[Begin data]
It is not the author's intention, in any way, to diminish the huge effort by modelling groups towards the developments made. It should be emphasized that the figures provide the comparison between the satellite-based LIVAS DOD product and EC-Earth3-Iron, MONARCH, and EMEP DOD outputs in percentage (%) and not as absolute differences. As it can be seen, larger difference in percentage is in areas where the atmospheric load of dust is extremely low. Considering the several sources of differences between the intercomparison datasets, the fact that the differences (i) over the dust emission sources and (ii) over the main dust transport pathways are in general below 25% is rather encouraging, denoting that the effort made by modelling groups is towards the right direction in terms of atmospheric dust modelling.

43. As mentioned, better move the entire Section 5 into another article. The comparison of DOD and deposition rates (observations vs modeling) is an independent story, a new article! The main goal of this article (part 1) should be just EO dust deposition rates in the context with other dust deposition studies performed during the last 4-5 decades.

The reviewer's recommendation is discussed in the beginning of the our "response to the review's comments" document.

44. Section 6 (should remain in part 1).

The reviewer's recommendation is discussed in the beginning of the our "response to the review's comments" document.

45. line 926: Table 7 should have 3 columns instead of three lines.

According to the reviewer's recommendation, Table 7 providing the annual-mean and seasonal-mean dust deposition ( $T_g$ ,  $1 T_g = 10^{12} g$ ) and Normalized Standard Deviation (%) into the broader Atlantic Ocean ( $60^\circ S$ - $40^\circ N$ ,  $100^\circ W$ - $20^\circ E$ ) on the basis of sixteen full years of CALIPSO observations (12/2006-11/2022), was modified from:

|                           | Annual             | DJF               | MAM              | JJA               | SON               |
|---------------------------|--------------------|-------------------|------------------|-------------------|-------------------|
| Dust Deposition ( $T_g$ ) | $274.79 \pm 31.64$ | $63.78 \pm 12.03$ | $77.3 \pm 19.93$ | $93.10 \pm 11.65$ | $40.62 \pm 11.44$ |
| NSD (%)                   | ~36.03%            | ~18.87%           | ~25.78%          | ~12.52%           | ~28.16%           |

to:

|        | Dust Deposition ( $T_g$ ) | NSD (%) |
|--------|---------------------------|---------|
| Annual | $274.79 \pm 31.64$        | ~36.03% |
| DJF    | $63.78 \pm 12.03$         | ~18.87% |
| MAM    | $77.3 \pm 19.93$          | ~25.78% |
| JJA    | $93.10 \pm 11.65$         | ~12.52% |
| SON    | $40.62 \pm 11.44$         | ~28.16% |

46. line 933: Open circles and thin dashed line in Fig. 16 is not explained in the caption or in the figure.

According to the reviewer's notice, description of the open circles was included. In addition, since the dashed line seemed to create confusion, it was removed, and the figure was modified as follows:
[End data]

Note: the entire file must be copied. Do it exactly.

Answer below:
It is not the author's intention, in any way, to diminish the huge effort by modelling groups towards the developments made. It should be emphasized that the figures provide the comparison between the satellite-based LIVAS DOD product and EC-Earth3-Iron, MONARCH, and EMEP DOD outputs in percentage (%) and not as absolute differences. As it can be seen, larger difference in percentage is in areas where the atmospheric load of dust is extremely low. Considering the several sources of differences between the intercomparison datasets, the fact that the differences (i) over the dust emission sources and (ii) over the main dust transport pathways are in general below 25% is rather encouraging, denoting that the effort made by modelling groups is towards the right direction in terms of atmospheric dust modelling.

43. As mentioned, better move the entire Section 5 into another article. The comparison of DOD and deposition rates (observations vs modeling) is an independent story, a new article! The main goal of this article (part 1) should be just EO dust deposition rates in the context with other dust deposition studies performed during the last 4-5 decades.

The reviewer's recommendation is discussed in the beginning of the our "response to the review's comments" document.

44. Section 6 (should remain in part 1).

The reviewer's recommendation is discussed in the beginning of the our "response to the review's comments" document.

45. line 926: Table 7 should have 3 columns instead of three lines.

According to the reviewer's recommendation, Table 7 providing the annual-mean and seasonal-mean dust deposition ( $T_g$ ,  $1 T_g = 10^{12} g$ ) and Normalized Standard Deviation (%) into the broader Atlantic Ocean ( $60^\circ S$ - $40^\circ N$ ,  $100^\circ W$ - $20^\circ E$ ) on the basis of sixteen full years of CALIPSO observations (12/2006-11/2022), was modified from:

|                           | Annual             | DJF               | MAM              | JJA               | SON               |
|---------------------------|--------------------|-------------------|------------------|-------------------|-------------------|
| Dust Deposition ( $T_g$ ) | $274.79 \pm 31.64$ | $63.78 \pm 12.03$ | $77.3 \pm 19.93$ | $93.10 \pm 11.65$ | $40.62 \pm 11.44$ |
| NSD (%)                   | ~36.03%            | ~18.87%           | ~25.78%          | ~12.52%           | ~28.16%           |

to:

|        | Dust Deposition ( $T_g$ ) | NSD (%) |
|--------|---------------------------|---------|
| Annual | $274.79 \pm 31.64$        | ~36.03% |
| DJF    | $63.78 \pm 12.03$         | ~18.87% |
| MAM    | $77.3 \pm 19.93$          | ~25.78% |
| JJA    | $93.10 \pm 11.65$         | ~12.52% |
| SON    | $40.62 \pm 11.44$         | ~28.16% |

46. line 933: Open circles and thin dashed line in Fig. 16 is not explained in the caption or in the figure.

According to the reviewer's notice, description of the open circles was included. In addition, since the dashed line seemed to create confusion, it was removed, and the figure was modified as follows: